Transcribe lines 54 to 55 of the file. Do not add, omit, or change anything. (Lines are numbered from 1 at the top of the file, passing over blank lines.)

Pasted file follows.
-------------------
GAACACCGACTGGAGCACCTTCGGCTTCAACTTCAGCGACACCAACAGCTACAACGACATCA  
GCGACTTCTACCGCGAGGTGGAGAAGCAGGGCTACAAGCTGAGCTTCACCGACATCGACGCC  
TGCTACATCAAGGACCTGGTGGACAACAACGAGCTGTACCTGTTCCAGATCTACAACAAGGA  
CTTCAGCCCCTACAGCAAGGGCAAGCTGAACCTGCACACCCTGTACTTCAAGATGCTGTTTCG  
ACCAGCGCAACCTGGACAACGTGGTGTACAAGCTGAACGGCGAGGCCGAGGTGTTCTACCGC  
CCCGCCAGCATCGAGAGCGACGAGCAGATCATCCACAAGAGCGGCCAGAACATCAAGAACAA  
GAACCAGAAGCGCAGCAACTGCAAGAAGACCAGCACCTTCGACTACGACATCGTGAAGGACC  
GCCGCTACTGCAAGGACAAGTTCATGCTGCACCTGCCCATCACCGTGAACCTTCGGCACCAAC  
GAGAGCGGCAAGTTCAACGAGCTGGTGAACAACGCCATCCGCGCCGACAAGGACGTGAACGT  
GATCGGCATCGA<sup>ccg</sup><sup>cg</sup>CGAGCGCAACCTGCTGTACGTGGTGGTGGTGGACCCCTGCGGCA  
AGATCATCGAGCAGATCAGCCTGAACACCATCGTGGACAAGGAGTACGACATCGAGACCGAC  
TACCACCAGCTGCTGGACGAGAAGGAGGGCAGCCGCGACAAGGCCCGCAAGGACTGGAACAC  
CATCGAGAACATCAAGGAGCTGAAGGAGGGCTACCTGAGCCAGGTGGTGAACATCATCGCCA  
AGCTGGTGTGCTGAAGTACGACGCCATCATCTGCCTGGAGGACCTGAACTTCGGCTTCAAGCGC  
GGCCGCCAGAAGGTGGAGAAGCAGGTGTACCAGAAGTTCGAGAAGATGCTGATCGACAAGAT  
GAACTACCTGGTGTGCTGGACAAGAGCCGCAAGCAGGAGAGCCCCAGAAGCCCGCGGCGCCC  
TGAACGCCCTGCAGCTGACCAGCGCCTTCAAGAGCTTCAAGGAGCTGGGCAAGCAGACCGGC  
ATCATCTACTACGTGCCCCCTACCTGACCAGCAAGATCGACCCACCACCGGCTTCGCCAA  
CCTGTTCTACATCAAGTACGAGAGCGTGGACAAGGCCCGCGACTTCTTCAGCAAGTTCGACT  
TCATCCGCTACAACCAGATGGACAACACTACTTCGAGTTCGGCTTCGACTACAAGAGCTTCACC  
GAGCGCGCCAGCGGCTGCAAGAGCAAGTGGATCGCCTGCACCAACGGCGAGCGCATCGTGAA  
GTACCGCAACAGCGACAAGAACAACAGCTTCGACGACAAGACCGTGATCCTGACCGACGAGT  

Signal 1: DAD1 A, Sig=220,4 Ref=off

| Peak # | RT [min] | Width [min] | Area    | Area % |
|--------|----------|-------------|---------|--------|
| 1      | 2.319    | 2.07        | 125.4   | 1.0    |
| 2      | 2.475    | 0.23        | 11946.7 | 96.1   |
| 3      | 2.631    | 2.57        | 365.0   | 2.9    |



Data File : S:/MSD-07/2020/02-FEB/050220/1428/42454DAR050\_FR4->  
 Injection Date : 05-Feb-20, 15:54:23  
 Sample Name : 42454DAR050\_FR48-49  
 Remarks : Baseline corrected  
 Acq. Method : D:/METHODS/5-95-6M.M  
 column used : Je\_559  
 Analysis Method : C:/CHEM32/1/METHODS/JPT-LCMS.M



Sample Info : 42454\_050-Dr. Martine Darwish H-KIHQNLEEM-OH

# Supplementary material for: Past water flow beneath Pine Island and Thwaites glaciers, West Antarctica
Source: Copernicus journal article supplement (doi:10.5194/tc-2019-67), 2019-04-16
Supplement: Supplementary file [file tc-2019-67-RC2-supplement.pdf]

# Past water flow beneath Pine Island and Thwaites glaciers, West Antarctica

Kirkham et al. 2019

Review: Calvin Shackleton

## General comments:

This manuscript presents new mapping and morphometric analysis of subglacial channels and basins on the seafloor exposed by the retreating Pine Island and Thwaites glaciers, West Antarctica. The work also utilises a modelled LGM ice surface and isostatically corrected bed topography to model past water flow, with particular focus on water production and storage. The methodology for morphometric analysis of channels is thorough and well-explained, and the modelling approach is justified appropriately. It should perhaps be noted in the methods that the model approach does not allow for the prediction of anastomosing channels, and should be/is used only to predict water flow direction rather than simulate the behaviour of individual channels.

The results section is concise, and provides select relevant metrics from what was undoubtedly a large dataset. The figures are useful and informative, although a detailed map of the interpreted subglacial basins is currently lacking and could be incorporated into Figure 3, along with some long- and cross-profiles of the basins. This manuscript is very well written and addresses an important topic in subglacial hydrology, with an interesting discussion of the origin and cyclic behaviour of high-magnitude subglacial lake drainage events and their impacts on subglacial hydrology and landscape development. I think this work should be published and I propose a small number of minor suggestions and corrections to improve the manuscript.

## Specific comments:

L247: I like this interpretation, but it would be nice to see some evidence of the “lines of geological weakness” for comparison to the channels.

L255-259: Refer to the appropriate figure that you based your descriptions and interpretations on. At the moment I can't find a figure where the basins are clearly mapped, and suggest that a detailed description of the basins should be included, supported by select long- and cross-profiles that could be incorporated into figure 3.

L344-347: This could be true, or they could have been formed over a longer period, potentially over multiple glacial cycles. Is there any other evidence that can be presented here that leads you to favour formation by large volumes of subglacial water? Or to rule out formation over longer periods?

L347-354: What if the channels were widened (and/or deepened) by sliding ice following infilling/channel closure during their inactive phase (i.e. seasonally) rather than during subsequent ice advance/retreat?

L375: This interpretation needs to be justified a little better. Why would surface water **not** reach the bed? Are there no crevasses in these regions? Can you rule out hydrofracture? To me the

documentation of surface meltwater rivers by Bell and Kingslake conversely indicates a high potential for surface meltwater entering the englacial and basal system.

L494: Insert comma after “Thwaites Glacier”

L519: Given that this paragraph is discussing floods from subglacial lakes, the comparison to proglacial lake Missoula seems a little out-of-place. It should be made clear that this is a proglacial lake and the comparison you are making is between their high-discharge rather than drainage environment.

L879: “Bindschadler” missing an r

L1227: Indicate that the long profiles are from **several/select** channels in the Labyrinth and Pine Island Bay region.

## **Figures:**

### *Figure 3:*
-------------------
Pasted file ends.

L519: Given that this paragraph is discussing floods from subglacial lakes, the comparison to proglacial lake Missoula seems a little out-of-place. It should be made clear that this is a proglacial lake and the comparison you are making is between their high-discharge rather than drainage environment.

L879: “Bindschadler” missing an r